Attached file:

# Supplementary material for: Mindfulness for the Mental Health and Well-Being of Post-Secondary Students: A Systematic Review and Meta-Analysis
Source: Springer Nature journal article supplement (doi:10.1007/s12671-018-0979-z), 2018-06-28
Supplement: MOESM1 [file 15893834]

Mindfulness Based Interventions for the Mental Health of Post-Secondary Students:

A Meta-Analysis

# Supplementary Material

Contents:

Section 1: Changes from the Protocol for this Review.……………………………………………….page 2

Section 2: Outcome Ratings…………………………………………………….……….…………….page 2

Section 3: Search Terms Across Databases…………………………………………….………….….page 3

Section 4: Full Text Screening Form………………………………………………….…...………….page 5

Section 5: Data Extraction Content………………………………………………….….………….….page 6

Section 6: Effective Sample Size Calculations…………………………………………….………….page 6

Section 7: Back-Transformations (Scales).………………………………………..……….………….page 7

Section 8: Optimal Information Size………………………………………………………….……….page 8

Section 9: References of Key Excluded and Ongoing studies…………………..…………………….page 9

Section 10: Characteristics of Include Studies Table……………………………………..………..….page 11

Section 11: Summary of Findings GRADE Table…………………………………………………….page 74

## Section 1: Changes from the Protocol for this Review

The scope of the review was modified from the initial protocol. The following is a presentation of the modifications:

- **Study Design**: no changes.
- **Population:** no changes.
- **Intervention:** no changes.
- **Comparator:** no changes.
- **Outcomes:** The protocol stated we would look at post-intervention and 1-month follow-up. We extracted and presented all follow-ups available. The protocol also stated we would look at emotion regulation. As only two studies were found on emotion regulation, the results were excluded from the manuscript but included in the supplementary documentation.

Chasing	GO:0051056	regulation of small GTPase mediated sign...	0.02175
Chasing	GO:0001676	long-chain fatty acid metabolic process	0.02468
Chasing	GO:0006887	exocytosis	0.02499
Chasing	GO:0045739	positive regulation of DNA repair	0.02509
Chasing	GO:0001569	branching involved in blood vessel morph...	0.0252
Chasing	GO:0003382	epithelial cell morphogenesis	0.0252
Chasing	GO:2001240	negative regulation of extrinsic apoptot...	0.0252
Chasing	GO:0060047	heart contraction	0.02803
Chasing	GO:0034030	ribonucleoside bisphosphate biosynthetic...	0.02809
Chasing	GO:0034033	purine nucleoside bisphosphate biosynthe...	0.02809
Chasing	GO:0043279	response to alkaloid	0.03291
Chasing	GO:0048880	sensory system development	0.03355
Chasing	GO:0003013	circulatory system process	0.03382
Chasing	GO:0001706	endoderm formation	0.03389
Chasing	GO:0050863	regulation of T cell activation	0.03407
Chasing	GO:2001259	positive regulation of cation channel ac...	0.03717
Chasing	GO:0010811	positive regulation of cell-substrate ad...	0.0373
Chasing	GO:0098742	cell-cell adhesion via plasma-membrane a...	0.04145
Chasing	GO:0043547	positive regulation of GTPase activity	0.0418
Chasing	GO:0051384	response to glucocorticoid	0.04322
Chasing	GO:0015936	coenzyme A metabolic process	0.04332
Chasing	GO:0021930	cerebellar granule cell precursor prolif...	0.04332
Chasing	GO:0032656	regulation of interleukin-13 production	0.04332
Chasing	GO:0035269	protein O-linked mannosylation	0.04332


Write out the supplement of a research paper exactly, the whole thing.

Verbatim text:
# Supplementary material for: Mindfulness for the Mental Health and Well-Being of Post-Secondary Students: A Systematic Review and Meta-Analysis
Source: Springer Nature journal article supplement (doi:10.1007/s12671-018-0979-z), 2018-06-28
Supplement: MOESM1 [file 15893834]

Mindfulness Based Interventions for the Mental Health of Post-Secondary Students:

A Meta-Analysis

# Supplementary Material

Contents:

Section 1: Changes from the Protocol for this Review.……………………………………………….page 2

Section 2: Outcome Ratings…………………………………………………….……….…………….page 2

Section 3: Search Terms Across Databases…………………………………………….………….….page 3

Section 4: Full Text Screening Form………………………………………………….…...………….page 5

Section 5: Data Extraction Content………………………………………………….….………….….page 6

Section 6: Effective Sample Size Calculations…………………………………………….………….page 6

Section 7: Back-Transformations (Scales).………………………………………..……….………….page 7

Section 8: Optimal Information Size………………………………………………………….……….page 8

Section 9: References of Key Excluded and Ongoing studies…………………..…………………….page 9

Section 10: Characteristics of Include Studies Table……………………………………..………..….page 11

Section 11: Summary of Findings GRADE Table…………………………………………………….page 74

## Section 1: Changes from the Protocol for this Review

The scope of the review was modified from the initial protocol. The following is a presentation of the modifications:

- **Study Design**: no changes.
- **Population:** no changes.
- **Intervention:** no changes.
- **Comparator:** no changes.
- **Outcomes:** The protocol stated we would look at post-intervention and 1-month follow-up. We extracted and presented all follow-ups available. The protocol also stated we would look at emotion regulation. As only two studies were found on emotion regulation, the results were excluded from the manuscript but included in the supplementary documentation.

Chasing	GO:0051056	regulation of small GTPase mediated sign...	0.02175
Chasing	GO:0001676	long-chain fatty acid metabolic process	0.02468
Chasing	GO:0006887	exocytosis	0.02499
Chasing	GO:0045739	positive regulation of DNA repair	0.02509
Chasing	GO:0001569	branching involved in blood vessel morph...	0.0252
Chasing	GO:0003382	epithelial cell morphogenesis	0.0252
Chasing	GO:2001240	negative regulation of extrinsic apoptot...	0.0252
Chasing	GO:0060047	heart contraction	0.02803
Chasing	GO:0034030	ribonucleoside bisphosphate biosynthetic...	0.02809
Chasing	GO:0034033	purine nucleoside bisphosphate biosynthe...	0.02809
Chasing	GO:0043279	response to alkaloid	0.03291
Chasing	GO:0048880	sensory system development	0.03355
Chasing	GO:0003013	circulatory system process	0.03382
Chasing	GO:0001706	endoderm formation	0.03389
Chasing	GO:0050863	regulation of T cell activation	0.03407
Chasing	GO:2001259	positive regulation of cation channel ac...	0.03717
Chasing	GO:0010811	positive regulation of cell-substrate ad...	0.0373
Chasing	GO:0098742	cell-cell adhesion via plasma-membrane a...	0.04145
Chasing	GO:0043547	positive regulation of GTPase activity	0.0418
Chasing	GO:0051384	response to glucocorticoid	0.04322
Chasing	GO:0015936	coenzyme A metabolic process	0.04332
Chasing	GO:0021930	cerebellar granule cell precursor prolif...	0.04332
Chasing	GO:0032656	regulation of interleukin-13 production	0.04332
Chasing	GO:0035269	protein O-linked mannosylation	0.04332